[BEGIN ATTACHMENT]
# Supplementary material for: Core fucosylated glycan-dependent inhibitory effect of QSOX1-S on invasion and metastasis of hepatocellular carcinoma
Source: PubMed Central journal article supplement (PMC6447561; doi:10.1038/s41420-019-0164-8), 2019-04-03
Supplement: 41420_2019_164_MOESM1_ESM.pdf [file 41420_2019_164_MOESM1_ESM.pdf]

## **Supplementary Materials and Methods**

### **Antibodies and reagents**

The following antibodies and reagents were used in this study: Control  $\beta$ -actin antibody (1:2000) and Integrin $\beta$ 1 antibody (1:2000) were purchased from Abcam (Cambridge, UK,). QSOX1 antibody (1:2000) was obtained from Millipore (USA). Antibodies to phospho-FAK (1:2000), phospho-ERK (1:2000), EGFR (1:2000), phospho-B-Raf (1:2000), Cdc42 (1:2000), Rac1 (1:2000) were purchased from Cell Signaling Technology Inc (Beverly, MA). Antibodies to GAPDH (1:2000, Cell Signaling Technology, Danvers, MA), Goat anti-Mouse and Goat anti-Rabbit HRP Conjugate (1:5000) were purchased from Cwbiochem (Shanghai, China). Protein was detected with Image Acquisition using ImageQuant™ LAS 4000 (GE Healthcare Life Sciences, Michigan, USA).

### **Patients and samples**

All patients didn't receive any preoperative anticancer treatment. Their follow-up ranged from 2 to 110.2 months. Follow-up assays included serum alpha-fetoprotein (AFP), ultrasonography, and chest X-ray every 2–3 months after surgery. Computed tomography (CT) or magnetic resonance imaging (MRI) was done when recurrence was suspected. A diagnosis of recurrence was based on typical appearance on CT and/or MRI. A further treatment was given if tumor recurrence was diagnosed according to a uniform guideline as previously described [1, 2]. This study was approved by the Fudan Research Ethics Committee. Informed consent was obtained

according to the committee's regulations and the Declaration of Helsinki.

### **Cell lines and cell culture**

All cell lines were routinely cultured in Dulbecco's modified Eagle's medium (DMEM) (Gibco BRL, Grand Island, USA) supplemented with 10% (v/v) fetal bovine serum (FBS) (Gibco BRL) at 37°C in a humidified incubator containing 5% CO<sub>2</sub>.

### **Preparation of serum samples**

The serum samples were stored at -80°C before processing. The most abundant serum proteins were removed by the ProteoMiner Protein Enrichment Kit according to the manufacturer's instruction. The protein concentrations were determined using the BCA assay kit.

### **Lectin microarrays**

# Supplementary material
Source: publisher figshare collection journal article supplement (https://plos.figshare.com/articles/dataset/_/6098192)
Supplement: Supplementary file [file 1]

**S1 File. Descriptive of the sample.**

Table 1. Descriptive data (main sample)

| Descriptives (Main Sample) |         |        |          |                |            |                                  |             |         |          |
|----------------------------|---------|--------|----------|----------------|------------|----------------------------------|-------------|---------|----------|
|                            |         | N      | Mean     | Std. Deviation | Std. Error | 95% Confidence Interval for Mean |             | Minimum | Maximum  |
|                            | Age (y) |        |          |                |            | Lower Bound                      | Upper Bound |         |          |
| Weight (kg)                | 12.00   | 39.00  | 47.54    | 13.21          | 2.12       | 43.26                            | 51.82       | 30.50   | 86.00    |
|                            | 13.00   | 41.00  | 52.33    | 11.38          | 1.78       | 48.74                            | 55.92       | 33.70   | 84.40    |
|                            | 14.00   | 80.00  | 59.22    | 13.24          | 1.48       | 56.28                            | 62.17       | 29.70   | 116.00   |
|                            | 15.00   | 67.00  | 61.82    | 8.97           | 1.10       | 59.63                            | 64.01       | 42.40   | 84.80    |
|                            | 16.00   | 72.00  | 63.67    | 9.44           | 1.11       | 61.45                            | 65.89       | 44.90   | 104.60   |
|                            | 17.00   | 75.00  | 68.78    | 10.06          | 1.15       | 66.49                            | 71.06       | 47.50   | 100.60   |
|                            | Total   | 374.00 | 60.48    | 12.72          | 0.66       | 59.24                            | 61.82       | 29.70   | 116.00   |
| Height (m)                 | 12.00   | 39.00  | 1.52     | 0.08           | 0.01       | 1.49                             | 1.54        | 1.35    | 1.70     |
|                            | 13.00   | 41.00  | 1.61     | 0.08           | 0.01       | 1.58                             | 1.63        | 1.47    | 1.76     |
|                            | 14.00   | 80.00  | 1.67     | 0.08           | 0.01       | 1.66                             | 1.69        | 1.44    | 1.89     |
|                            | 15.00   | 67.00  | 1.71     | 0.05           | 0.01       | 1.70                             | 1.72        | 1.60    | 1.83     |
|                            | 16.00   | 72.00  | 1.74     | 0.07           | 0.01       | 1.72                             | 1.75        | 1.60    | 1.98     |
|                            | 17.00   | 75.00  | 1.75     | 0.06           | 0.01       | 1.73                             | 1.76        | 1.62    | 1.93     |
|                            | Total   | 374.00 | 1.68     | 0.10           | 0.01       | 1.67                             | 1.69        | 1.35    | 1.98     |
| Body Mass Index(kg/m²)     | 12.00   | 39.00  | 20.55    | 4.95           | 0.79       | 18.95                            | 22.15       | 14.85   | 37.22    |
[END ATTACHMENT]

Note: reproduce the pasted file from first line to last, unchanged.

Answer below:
# Supplementary material for: Core fucosylated glycan-dependent inhibitory effect of QSOX1-S on invasion and metastasis of hepatocellular carcinoma
Source: PubMed Central journal article supplement (PMC6447561; doi:10.1038/s41420-019-0164-8), 2019-04-03
Supplement: 41420_2019_164_MOESM1_ESM.pdf [file 41420_2019_164_MOESM1_ESM.pdf]

## **Supplementary Materials and Methods**

### **Antibodies and reagents**

The following antibodies and reagents were used in this study: Control  $\beta$ -actin antibody (1:2000) and Integrin $\beta$ 1 antibody (1:2000) were purchased from Abcam (Cambridge, UK,). QSOX1 antibody (1:2000) was obtained from Millipore (USA). Antibodies to phospho-FAK (1:2000), phospho-ERK (1:2000), EGFR (1:2000), phospho-B-Raf (1:2000), Cdc42 (1:2000), Rac1 (1:2000) were purchased from Cell Signaling Technology Inc (Beverly, MA). Antibodies to GAPDH (1:2000, Cell Signaling Technology, Danvers, MA), Goat anti-Mouse and Goat anti-Rabbit HRP Conjugate (1:5000) were purchased from Cwbiochem (Shanghai, China). Protein was detected with Image Acquisition using ImageQuant™ LAS 4000 (GE Healthcare Life Sciences, Michigan, USA).

### **Patients and samples**

All patients didn't receive any preoperative anticancer treatment. Their follow-up ranged from 2 to 110.2 months. Follow-up assays included serum alpha-fetoprotein (AFP), ultrasonography, and chest X-ray every 2–3 months after surgery. Computed tomography (CT) or magnetic resonance imaging (MRI) was done when recurrence was suspected. A diagnosis of recurrence was based on typical appearance on CT and/or MRI. A further treatment was given if tumor recurrence was diagnosed according to a uniform guideline as previously described [1, 2]. This study was approved by the Fudan Research Ethics Committee. Informed consent was obtained

according to the committee's regulations and the Declaration of Helsinki.

### **Cell lines and cell culture**

All cell lines were routinely cultured in Dulbecco's modified Eagle's medium (DMEM) (Gibco BRL, Grand Island, USA) supplemented with 10% (v/v) fetal bovine serum (FBS) (Gibco BRL) at 37°C in a humidified incubator containing 5% CO<sub>2</sub>.

### **Preparation of serum samples**

The serum samples were stored at -80°C before processing. The most abundant serum proteins were removed by the ProteoMiner Protein Enrichment Kit according to the manufacturer's instruction. The protein concentrations were determined using the BCA assay kit.

### **Lectin microarrays**

# Supplementary material
Source: publisher figshare collection journal article supplement (https://plos.figshare.com/articles/dataset/_/6098192)
Supplement: Supplementary file [file 1]

**S1 File. Descriptive of the sample.**

Table 1. Descriptive data (main sample)

| Descriptives (Main Sample) |         |        |          |                |            |                                  |             |         |          |
|----------------------------|---------|--------|----------|----------------|------------|----------------------------------|-------------|---------|----------|
|                            |         | N      | Mean     | Std. Deviation | Std. Error | 95% Confidence Interval for Mean |             | Minimum | Maximum  |
|                            | Age (y) |        |          |                |            | Lower Bound                      | Upper Bound |         |          |
| Weight (kg)                | 12.00   | 39.00  | 47.54    | 13.21          | 2.12       | 43.26                            | 51.82       | 30.50   | 86.00    |
|                            | 13.00   | 41.00  | 52.33    | 11.38          | 1.78       | 48.74                            | 55.92       | 33.70   | 84.40    |
|                            | 14.00   | 80.00  | 59.22    | 13.24          | 1.48       | 56.28                            | 62.17       | 29.70   | 116.00   |
|                            | 15.00   | 67.00  | 61.82    | 8.97           | 1.10       | 59.63                            | 64.01       | 42.40   | 84.80    |
|                            | 16.00   | 72.00  | 63.67    | 9.44           | 1.11       | 61.45                            | 65.89       | 44.90   | 104.60   |
|                            | 17.00   | 75.00  | 68.78    | 10.06          | 1.15       | 66.49                            | 71.06       | 47.50   | 100.60   |
|                            | Total   | 374.00 | 60.48    | 12.72          | 0.66       | 59.24                            | 61.82       | 29.70   | 116.00   |
| Height (m)                 | 12.00   | 39.00  | 1.52     | 0.08           | 0.01       | 1.49                             | 1.54        | 1.35    | 1.70     |
|                            | 13.00   | 41.00  | 1.61     | 0.08           | 0.01       | 1.58                             | 1.63        | 1.47    | 1.76     |
|                            | 14.00   | 80.00  | 1.67     | 0.08           | 0.01       | 1.66                             | 1.69        | 1.44    | 1.89     |
|                            | 15.00   | 67.00  | 1.71     | 0.05           | 0.01       | 1.70                             | 1.72        | 1.60    | 1.83     |
|                            | 16.00   | 72.00  | 1.74     | 0.07           | 0.01       | 1.72                             | 1.75        | 1.60    | 1.98     |
|                            | 17.00   | 75.00  | 1.75     | 0.06           | 0.01       | 1.73                             | 1.76        | 1.62    | 1.93     |
|                            | Total   | 374.00 | 1.68     | 0.10           | 0.01       | 1.67                             | 1.69        | 1.35    | 1.98     |
| Body Mass Index(kg/m²)     | 12.00   | 39.00  | 20.55    | 4.95           | 0.79       | 18.95                            | 22.15       | 14.85   | 37.22    |